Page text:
A D.C. school bus aide who was fired after she received a positive result on a urinalysis for marijuana use filed suit yesterday in U.S. District Court here to get her job back.

Juanita M. Jones, 49, one of 35 part-time aides fired last August by the D.C. school system, contends in the civil suit that the drug test results were inaccurate and the decision to fire her was "arbitrary and capricious."

In the lawsuit, which names D.C. School Superintendent Floretta D. McKenzie, school official William J. Bedford and the District, Jones is seeking reinstatement, back pay and $150,000 in damages.

Lawyers with the American Civil Liberties Union who, along with another law firm, are representing Jones, said the suit is a "test case on several issues," including the accuracy of drug tests and the right of governments to use them as a basis for dismissal.

School officials, citing an increased number of school bus accidents, began testing employes during annual physicals last summer for marijuana, cocaine, PCP and heroin use.

Two full-time drivers also were suspended as a result of the tests, but both have since passed new tests and have been reinstated, according to Maurice Sykes, school system spokesman. Sykes would not comment on the lawsuit yesterday.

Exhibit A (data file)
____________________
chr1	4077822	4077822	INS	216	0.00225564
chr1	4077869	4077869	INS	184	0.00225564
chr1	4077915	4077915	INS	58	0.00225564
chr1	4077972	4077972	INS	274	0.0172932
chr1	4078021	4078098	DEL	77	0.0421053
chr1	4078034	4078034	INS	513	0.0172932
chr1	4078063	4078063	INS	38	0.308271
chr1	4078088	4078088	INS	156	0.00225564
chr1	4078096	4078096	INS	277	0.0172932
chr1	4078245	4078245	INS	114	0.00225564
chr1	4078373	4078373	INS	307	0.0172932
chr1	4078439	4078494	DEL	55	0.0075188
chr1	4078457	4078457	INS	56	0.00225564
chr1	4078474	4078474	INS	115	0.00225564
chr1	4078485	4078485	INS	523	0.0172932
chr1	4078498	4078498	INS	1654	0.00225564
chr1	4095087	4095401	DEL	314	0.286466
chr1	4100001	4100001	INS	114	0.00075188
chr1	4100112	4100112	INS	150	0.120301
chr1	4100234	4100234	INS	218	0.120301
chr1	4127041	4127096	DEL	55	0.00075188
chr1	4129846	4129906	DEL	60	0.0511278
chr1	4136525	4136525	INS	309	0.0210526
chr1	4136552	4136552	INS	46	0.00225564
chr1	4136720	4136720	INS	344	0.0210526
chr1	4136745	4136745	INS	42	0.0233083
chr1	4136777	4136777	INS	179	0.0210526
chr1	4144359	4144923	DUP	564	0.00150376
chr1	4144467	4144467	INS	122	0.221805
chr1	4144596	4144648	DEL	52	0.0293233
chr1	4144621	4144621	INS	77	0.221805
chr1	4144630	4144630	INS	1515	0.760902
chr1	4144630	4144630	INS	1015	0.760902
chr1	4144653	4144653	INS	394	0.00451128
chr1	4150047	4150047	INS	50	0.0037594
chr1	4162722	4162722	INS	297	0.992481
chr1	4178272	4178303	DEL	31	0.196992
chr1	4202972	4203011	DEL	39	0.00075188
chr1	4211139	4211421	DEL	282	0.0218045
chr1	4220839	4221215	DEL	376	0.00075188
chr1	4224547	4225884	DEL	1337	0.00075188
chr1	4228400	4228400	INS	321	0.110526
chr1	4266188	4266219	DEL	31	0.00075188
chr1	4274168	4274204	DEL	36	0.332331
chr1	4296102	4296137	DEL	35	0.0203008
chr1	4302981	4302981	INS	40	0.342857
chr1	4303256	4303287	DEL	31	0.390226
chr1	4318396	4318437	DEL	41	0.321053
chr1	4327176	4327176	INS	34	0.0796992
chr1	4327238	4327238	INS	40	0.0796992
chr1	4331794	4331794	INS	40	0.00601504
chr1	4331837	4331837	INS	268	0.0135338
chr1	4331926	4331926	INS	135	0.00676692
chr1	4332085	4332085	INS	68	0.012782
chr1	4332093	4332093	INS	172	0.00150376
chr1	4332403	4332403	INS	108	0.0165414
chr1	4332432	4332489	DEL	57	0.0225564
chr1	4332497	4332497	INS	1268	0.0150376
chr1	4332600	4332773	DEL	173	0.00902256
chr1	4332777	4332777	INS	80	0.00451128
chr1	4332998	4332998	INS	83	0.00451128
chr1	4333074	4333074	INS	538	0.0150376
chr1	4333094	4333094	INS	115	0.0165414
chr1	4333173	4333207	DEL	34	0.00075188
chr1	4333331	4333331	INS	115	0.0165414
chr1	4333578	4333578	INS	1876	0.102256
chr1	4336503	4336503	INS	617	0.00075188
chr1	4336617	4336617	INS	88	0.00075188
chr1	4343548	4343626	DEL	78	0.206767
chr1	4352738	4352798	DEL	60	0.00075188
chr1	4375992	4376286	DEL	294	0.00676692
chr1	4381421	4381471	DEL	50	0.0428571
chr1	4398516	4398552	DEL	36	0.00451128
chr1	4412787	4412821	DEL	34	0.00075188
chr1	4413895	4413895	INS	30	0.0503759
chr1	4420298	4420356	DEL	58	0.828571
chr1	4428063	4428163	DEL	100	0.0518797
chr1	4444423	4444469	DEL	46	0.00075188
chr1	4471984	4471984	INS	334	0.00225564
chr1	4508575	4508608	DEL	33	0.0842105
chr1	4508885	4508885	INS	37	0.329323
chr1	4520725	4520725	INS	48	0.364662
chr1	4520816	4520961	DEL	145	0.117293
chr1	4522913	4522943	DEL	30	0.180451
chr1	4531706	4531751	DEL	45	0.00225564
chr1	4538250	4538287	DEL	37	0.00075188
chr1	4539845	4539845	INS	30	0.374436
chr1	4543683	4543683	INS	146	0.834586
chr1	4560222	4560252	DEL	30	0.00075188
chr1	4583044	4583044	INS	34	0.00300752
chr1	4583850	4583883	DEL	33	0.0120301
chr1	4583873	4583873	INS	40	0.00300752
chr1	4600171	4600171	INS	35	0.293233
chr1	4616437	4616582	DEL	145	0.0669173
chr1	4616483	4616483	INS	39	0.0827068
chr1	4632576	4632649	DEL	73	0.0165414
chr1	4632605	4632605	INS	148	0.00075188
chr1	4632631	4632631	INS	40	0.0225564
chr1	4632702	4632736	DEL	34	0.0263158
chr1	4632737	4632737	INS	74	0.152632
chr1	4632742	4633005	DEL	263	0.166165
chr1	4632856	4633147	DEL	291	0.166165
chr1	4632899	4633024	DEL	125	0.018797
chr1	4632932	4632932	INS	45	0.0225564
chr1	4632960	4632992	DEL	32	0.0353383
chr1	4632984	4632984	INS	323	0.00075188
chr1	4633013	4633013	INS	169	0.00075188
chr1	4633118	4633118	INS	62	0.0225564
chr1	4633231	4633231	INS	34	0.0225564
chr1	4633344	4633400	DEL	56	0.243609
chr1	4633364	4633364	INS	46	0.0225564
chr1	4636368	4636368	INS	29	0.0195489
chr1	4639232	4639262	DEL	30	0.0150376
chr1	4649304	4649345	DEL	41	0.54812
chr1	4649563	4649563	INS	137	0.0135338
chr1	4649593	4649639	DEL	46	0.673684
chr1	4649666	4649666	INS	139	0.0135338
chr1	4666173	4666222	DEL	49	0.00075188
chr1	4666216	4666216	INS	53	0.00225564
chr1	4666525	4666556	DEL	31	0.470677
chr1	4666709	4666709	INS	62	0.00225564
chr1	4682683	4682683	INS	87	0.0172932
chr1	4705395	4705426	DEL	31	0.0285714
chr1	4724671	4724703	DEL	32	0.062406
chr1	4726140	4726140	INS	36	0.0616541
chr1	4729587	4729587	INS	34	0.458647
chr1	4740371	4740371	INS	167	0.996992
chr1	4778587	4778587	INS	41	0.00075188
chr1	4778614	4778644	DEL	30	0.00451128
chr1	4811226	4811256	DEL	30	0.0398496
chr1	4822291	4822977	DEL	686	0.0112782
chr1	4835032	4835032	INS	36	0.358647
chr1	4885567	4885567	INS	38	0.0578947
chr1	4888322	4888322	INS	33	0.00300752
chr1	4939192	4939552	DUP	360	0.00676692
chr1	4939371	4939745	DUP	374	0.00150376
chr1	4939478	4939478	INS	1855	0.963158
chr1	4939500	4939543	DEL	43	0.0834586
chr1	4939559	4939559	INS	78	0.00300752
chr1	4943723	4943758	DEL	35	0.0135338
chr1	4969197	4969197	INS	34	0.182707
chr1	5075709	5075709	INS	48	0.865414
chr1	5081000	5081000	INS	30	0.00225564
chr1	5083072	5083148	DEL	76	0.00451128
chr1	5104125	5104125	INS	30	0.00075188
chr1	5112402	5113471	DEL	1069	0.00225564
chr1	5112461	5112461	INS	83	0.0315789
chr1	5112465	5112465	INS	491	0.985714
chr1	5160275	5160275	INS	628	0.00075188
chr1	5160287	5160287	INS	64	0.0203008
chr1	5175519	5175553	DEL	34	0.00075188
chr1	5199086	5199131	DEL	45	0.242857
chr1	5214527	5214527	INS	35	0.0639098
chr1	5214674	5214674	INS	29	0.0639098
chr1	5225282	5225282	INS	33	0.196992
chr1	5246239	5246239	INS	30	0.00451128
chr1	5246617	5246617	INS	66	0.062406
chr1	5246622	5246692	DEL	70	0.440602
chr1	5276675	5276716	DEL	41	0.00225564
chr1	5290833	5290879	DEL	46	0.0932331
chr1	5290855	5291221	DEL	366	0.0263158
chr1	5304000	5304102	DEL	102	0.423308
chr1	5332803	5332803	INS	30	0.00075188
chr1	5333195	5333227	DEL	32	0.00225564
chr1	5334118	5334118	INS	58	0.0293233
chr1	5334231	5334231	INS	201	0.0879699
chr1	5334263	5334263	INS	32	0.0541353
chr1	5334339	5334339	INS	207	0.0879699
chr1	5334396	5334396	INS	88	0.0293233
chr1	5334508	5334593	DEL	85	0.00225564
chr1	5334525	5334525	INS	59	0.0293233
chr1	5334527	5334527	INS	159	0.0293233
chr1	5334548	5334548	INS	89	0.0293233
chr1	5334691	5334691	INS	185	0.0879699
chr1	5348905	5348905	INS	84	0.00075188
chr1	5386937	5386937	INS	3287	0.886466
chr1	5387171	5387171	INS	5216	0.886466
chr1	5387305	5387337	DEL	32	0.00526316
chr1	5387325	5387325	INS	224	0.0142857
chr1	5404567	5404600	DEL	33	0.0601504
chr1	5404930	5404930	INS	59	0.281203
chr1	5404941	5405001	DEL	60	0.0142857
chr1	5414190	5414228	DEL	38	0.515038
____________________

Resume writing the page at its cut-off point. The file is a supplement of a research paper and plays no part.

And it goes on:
Regular urinalyses and occasional spot checks are still being performed, he said, "to make sure that people are clean who are driving. It remains an issue of safety."

Jones, who lives in Northeast Washington, was hired as a school bus attendant for handicapped students in 1981.

In a recent interview, Jones said she had smoked marijuana only once in her life -- 13 years ago.

"That was the first time, and that was the last time," she said.

Her lawsuit challenges the so-called EMIT test, which detects THC, the active ingredient in marijuana.

At issue is whether a positive result on the test violates the D.C. school system's policy that prohibits using or possessing alcohol or illict drugs or being under their influence while on school property.

The EMIT test, manufactured by the Syva Co. of Palo Alto, Calif., detects "recent use" of marijuana, according to company spokeswoman Michelle Klaich.

Recent use is usually up to five days, but can be as many as 10 days, Klaich said.

In rare cases, she said, the test also can detect THC in people who were in a room where marijuana was smoked.

In the lawsuit, Jones contends that the test has a "substantial degree of inaccuracy."

A study conducted by the national Centers for Disease Control in Atlanta found that 4 percent of the samples that tested positive were "false positives," or drug-free.

Another study, by the Air Force, which also uses the test, found up to 11 percent false positives.

Jones' suit also contends that test samples were sloppily handled and may have been "confused, mislabeled, or both."

Klaich said that in any case "where rights or responsibilities are at stake" -- such as firing -- Syva recommends confirming the test results, usually with a second, different test.

That step was not taken in the Jones case, according to court papers.